If you’re like most early childhood educators, you’ll be teaching some young children who are second-language learners this year. How can you support them in learning English while respecting and nurturing their home language? Today’s post has some tips and examples for you, excerpted and adapted from Patton Tabors’ bestselling book, One Child, Two Languages. Read on for 8 helpful guidelines on communicating effectively with young second-language learners as they begin to understand and use English.
Begin with the basics
Before the school year starts, ask parents of children whose home language is not English to provide a few important words in their home language, so you can do some basic communicating with the children in their first few weeks in the classroom. Not only is this a practical strategy, it also communicates to parents that you value their home language and are open to finding out more about it.
You might want to start with essential words such as listen, bathroom, and eat. Consider asking parents to record the words so you can listen to them and practice saying them accurately. These recordings can be played for the whole classroom so all students can learn words in another language. (You could also ask the parents to record a comforting message from home that in case their child has separation difficulties.)
Give second-language learners time to become familiar with your classroom before you approach them with questions or directives in English. Second-language learners need an adjustment period when immersed in a new cultural and linguistic setting. Start the year by using talk that is generally appropriate for young children when addressing all learners. For second-language learners, this early exposure to language will help them tune in to the sounds of the new language, even if they don’t understand everything you’re saying.
After an adjustment period, you can simplify your language further as you begin to help the second-language learners understand English. As Tabors points out, this is similar to “how adults in American culture speak to infants as though infants can comprehend sophisticated speech until the infants are old enough to actually start acquiring receptive abilities, at which time adults begin to simplify their speech to get their messages across.”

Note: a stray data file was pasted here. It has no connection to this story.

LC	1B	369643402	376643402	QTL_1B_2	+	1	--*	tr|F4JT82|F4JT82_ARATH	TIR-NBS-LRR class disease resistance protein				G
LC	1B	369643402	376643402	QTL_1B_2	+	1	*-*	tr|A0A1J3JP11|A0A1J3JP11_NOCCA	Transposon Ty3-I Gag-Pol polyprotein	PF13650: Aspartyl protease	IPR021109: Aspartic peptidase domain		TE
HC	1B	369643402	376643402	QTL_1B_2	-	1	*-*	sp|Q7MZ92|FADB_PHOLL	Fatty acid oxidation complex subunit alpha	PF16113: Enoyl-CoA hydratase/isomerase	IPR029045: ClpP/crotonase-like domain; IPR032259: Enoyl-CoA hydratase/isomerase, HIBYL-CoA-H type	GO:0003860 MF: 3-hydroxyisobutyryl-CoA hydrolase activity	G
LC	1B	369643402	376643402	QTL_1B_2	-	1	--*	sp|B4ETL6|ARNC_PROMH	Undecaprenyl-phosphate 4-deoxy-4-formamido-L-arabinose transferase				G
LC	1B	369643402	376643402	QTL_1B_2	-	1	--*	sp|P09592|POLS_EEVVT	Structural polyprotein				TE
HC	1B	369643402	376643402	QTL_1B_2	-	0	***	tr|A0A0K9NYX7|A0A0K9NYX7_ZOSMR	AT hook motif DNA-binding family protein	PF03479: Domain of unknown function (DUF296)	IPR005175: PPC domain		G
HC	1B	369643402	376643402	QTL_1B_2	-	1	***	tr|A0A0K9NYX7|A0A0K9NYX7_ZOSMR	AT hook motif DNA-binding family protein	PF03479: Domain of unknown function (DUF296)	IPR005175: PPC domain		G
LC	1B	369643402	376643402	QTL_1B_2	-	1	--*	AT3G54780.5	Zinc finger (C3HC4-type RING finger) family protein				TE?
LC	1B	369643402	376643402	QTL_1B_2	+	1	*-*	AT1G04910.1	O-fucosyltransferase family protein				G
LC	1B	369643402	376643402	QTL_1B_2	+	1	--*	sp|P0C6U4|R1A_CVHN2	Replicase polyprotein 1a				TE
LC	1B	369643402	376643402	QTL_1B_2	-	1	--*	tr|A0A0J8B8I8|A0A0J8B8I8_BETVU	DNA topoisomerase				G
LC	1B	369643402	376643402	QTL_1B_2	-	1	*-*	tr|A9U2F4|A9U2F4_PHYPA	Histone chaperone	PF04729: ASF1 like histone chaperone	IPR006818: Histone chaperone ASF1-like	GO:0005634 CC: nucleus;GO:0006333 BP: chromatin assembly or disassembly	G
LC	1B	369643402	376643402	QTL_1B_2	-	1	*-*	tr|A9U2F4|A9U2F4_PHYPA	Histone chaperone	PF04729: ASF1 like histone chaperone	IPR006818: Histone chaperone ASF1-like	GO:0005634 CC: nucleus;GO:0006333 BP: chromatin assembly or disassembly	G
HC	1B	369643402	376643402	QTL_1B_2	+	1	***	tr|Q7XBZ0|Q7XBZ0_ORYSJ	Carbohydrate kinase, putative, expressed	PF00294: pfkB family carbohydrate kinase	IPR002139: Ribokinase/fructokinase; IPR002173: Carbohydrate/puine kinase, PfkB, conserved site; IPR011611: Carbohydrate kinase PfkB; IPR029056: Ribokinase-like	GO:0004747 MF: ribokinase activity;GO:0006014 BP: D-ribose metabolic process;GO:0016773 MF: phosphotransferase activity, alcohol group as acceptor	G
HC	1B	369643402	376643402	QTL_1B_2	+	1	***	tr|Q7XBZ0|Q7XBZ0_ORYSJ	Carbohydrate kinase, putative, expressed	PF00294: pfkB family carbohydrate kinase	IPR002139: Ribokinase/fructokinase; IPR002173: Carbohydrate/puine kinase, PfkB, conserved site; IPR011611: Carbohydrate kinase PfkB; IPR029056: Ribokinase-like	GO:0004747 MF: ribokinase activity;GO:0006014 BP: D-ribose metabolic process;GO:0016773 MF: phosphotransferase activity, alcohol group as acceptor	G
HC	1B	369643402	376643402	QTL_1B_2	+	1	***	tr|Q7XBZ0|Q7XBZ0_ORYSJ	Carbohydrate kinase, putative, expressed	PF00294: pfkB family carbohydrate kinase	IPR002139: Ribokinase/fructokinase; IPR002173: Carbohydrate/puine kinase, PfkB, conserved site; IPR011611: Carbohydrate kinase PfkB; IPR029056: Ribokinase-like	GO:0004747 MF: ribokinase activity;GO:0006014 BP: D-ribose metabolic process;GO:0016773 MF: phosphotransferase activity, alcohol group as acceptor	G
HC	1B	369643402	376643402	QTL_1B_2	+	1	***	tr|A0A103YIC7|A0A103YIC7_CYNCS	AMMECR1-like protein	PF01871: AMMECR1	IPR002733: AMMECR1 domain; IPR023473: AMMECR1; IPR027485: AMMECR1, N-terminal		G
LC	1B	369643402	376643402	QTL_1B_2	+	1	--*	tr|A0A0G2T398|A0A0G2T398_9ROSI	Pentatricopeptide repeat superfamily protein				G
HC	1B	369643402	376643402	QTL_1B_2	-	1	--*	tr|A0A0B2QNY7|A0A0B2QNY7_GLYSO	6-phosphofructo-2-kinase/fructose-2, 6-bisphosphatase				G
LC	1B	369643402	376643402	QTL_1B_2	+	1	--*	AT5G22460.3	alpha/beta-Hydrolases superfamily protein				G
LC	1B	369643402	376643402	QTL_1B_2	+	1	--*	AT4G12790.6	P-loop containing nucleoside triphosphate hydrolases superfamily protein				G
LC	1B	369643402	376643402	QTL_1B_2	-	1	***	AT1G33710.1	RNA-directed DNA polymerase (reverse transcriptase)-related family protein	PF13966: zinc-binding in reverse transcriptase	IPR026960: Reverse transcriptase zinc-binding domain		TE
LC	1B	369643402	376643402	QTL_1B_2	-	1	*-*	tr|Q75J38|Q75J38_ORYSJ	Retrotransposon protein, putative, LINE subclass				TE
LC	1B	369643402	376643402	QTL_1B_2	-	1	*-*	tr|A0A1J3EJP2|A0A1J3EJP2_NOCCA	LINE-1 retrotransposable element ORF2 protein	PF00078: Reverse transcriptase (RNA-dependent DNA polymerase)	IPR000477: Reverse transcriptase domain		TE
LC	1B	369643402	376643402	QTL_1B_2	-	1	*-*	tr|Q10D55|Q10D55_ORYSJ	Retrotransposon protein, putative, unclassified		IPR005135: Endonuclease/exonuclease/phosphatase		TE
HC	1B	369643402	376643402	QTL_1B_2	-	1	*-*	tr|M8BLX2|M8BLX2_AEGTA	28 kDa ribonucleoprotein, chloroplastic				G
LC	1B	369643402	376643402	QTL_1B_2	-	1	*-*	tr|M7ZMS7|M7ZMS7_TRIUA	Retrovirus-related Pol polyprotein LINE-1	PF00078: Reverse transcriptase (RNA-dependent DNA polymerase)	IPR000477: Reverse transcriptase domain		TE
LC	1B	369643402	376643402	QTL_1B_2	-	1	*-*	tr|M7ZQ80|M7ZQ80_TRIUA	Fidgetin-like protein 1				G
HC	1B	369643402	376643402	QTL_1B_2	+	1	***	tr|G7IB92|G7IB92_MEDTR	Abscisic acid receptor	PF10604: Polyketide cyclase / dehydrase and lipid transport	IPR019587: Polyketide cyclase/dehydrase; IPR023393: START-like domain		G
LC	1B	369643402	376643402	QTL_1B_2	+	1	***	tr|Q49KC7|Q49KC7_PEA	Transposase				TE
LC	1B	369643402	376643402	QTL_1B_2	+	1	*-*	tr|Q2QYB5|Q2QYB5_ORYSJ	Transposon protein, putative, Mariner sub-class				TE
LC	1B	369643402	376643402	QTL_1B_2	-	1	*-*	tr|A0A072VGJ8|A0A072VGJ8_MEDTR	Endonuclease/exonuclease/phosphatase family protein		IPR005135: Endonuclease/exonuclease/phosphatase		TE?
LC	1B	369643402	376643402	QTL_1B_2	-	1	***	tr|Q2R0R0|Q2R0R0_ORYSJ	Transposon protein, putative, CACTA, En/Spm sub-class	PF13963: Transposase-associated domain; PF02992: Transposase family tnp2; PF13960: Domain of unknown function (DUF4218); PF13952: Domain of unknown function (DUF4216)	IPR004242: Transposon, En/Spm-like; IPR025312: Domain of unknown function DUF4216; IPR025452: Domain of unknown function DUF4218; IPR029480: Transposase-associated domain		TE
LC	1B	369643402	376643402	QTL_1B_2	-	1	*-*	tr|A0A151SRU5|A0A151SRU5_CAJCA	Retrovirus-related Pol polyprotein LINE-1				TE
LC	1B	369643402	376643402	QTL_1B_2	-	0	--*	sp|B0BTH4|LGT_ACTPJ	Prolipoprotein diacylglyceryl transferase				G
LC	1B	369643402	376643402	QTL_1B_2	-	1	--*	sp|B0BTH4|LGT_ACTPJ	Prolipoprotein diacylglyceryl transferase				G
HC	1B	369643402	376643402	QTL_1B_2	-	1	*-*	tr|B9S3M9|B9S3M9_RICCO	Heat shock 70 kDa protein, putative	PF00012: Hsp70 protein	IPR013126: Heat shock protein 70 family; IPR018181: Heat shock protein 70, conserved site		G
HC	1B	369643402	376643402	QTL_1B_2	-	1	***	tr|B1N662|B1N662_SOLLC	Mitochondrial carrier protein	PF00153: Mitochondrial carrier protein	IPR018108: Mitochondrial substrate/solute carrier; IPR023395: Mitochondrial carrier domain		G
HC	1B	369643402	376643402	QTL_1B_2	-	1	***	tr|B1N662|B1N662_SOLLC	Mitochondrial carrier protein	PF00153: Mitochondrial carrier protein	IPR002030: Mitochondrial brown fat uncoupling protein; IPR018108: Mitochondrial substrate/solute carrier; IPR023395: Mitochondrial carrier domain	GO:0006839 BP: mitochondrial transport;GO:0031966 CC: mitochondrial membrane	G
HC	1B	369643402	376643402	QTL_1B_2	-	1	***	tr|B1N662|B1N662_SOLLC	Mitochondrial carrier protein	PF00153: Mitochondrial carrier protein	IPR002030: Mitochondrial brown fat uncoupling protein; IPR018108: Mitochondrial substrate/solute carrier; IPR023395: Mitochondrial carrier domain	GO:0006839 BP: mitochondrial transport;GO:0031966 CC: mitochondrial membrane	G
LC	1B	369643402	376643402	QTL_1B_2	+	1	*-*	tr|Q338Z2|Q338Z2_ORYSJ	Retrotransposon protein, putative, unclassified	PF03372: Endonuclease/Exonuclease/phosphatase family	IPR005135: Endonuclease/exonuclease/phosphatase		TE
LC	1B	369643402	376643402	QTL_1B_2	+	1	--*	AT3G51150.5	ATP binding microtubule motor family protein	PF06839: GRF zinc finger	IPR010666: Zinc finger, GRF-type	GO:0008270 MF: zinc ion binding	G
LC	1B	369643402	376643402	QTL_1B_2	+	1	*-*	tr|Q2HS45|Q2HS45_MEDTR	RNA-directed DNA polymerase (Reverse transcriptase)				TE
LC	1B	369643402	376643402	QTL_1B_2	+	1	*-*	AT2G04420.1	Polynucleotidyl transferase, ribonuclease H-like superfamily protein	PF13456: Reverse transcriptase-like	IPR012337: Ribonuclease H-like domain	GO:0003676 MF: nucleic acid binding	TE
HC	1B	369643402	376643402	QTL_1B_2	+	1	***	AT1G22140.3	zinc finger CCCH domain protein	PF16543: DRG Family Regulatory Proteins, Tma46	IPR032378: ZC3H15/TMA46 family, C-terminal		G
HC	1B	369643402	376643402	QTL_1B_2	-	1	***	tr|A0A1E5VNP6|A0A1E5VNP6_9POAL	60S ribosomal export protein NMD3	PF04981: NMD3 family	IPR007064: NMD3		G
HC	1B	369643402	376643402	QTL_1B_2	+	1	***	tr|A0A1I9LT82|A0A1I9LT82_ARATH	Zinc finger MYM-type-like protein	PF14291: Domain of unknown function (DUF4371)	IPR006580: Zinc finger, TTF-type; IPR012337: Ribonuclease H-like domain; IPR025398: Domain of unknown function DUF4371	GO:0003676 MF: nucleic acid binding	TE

When you begin the process of communicating with second-language learners, try “doubling the message”: that is, use words along with some type of gesture, action, or directed gaze. Tabors provides this brief example as an illustration, with the helpful gestures and words underlined:
One morning, two Japanese sisters, Kumiko and Kaori, arrived with a paper bag full of vegetables. They approached Rosa, who pointed to the bag and asked, “What’s in there?” Kumiko opened the bag and showed Rosa what was inside. Rosa said, “How about feeding Ponytails [the guinea pig]?” She walked to the guinea pig cage, gesturing for the sisters to follow.
At the guinea pig cage, Kumiko began taking the vegetables out of the bag and handing them to Kaori to put in the cage. Rosa named each vegetable as it was put in the cage, “Another carrot, and lettuce.”
Tabors calls this technique “buttressing communication,” because the additional information adds another dimension that helps the child understand the message.
Always respond to communication efforts
As a teacher, you should always be responsive to communicative efforts made by the second-language learners, even if the message isn’t understandable to you. For example, if a child at the drawing table shows you a project they’re working on and says something you can’t understand, reply to the child anyway: “Oh, are you making that?”
Saying the same thing more than once is a powerful way to help second-language learners learn new words and understand their meaning. For example, if children are tracing and cutting out hands at the drawing table, you might call attention to the word “hand” several times when talking to second-language learners: “See how she did her hand? That’s her right hand. Do you want to trace your hand, too? Are you going to cut out your hand?” Try emphasizing the words as you say them and put them near the end of sentences for better comprehension.